Mira Minkoba is the Hopebearer. Since the day she was born, she’s been told she’s special. Important. Perfect. She’s known across the Fallen Isles not just for her beauty, but for the Mira Treaty named after her, a peace agreement which united the seven islands against their enemies on the mainland.
But Mira has never felt as perfect as everyone says. She counts compulsively. She struggles with crippling anxiety. And she’s far too interested in dragons for a girl of her station.
Then Mira discovers an explosive secret that challenges everything she and the Treaty stand for. Betrayed by the very people she spent her life serving, Mira is sentenced to the Pit–the deadliest prison in the Fallen Isles. There, a cruel guard would do anything to discover the secret she would die to protect.
No longer beholden to those who betrayed her, Mira must learn to survive on her own and unearth the dark truths about the Fallen Isles–and herself–before her very world begins to collapse.
Pros – Mira, the entire theme of not being silenced (by yourself or others), dragons
Cons – Plot points brought up and left dangling (I know this is only the first book but still), the format, Mira toddled between realistic in her naivety and unrealistic a bit too frequently for me
Review – I am a Jodi Meadows fangirl. And while I want to say that it reflected in my bias towards enjoying this book, I really think what actually pushed my bias was the fact Mira often reminded me of…well me.
Its actually been a fairly good few years for me and finding rep for myself* and Mira just kind of has been the icing on that particular cake. This doesn’t mean Mira was perfect, or that I didn’t find things eye-roll worthy at times, but I found a lot more to like than dislike in the book because at times I found myself strongly identifying with her actions and thoughts.
If you are coming off the roller coaster that is the Orphan Queen duology (there’s a reason we have a support group for it) than get ready to jump back on. While the stakes feel a bit more spread out (this is a trilogy versus a duology), that just means I’m going to spend TWO books shaking a fist at Jodi, rather than ONE book. That said the dragons were not as heavily featured as I had originally hoped and the politics didn’t engage me as much as fantasy politics usually do.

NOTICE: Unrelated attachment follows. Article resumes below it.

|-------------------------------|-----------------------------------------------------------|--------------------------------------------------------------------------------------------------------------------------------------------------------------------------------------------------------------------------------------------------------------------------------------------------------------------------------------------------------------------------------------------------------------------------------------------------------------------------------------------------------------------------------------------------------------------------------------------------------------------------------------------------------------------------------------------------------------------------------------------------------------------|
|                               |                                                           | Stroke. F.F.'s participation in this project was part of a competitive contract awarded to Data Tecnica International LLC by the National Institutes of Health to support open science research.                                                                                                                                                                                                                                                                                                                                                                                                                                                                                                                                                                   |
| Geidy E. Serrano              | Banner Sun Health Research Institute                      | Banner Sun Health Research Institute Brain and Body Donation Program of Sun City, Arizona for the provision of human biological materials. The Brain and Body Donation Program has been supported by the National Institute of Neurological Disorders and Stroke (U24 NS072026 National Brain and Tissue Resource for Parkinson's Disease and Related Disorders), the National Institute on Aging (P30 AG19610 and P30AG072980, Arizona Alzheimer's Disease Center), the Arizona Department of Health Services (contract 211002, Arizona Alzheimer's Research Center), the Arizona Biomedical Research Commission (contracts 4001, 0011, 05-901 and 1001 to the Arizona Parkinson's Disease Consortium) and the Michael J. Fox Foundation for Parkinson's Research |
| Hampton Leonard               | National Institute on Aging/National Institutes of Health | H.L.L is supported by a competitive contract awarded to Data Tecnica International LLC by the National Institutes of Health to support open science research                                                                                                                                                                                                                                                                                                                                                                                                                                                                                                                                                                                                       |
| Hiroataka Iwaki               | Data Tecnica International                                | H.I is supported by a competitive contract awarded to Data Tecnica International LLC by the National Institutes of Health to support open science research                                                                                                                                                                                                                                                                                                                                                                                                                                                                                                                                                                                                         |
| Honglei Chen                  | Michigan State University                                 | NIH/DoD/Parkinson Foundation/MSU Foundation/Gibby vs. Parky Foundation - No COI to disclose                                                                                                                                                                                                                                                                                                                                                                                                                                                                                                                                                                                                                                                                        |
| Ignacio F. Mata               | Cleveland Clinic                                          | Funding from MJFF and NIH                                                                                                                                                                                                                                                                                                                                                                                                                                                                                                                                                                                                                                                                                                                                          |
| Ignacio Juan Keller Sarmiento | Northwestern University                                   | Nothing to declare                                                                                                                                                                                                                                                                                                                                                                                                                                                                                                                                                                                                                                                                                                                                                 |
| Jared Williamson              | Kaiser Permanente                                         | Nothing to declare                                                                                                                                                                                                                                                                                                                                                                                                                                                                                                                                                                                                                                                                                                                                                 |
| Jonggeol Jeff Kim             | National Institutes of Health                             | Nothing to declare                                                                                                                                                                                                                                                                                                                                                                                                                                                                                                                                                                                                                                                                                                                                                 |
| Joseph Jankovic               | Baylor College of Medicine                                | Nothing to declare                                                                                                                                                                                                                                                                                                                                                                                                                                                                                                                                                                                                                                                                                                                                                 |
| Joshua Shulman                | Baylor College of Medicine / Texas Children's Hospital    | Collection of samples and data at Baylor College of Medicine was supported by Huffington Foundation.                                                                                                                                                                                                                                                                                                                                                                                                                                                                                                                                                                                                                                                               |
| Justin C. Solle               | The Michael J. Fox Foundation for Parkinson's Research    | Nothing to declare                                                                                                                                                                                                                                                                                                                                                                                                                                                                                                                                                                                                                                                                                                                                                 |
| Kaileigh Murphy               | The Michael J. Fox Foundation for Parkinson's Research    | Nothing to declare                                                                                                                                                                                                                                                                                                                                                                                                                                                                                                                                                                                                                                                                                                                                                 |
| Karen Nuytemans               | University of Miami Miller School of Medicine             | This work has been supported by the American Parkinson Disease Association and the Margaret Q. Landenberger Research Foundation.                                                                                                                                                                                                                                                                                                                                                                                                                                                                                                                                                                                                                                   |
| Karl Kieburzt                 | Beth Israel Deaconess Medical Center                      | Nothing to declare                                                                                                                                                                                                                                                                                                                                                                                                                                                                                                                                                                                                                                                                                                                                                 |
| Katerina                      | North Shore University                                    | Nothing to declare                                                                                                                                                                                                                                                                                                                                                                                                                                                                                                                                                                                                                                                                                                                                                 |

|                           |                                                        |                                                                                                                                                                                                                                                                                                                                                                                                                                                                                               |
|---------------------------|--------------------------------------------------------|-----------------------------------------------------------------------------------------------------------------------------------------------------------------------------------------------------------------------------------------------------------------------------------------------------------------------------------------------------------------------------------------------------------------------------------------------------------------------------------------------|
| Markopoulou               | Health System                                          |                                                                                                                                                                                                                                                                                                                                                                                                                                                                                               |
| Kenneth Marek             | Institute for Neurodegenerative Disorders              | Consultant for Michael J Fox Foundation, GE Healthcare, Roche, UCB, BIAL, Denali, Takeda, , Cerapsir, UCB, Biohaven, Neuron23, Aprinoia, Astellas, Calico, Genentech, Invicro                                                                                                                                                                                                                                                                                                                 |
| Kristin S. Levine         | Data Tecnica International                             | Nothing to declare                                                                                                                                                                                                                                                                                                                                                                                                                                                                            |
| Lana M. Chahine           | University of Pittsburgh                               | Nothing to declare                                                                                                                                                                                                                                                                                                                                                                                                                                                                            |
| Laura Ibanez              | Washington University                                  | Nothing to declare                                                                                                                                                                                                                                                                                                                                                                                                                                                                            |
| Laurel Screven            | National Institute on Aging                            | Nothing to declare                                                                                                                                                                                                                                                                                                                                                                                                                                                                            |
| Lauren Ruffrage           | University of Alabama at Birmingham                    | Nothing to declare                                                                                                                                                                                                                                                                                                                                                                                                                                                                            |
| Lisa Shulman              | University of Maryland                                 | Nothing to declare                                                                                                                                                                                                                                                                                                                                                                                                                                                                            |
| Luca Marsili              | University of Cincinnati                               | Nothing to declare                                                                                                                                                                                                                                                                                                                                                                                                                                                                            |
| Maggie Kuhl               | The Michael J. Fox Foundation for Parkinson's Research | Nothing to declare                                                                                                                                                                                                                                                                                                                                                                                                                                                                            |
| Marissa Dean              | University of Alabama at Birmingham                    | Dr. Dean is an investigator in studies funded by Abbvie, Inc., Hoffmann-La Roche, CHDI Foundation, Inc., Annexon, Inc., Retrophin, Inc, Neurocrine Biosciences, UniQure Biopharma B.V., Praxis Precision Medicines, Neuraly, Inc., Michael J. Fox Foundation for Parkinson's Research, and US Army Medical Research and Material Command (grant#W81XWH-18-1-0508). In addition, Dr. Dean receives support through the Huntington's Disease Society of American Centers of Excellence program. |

I don’t think it was anything to do with Meadows’ writing – it was, as it usually is – fast-paced, exciting and emotionally devastating at the least expected moments, but maybe because I knew going in this was going to be a three book ride for me, I went in more conservatively than normal. With OQ I had no idea it was going to be two books (I sincerely didn’t), the Newsoul books I read after they had all been released. BSI is the first series of Meadows’ I’ve read where I know I have to wait. It dragged down my enjoyment a little bit.
I did enjoy the friendships Mira had and the troubles she had developing them. Its hard to develop friends when you have anxiety and you’re not in prison with the threat of torture every other moment, so it was nice to see that build up. One of the best things I love about the OQ books is the friendship between Wil and the other Ospreys as well as the friendship between Tobiah and James. Little moments of inside jokes or acknowledgement without big over the top moments.
In the end though what kept me going, and resonated with me the most, was reading about Mira handling her anxiety and her coping mechanisms. While the format was…confusing at first (I apparently am a linear sort of girl when it comes to novels), I have a feeling that when the three books are released as a whole, it will become a much less confusing reading experience.
*as in, representation in the struggles I have with my anxiety, with my sexuality and with how hard I find it to relate to people. I’m a middle class white girl who’s nominally christian, I obviously don’t have trouble finding THAT in books
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Published by: Katherine Tegen Books
Release: September 12, 2017
Series: Fallen Isles Book 1
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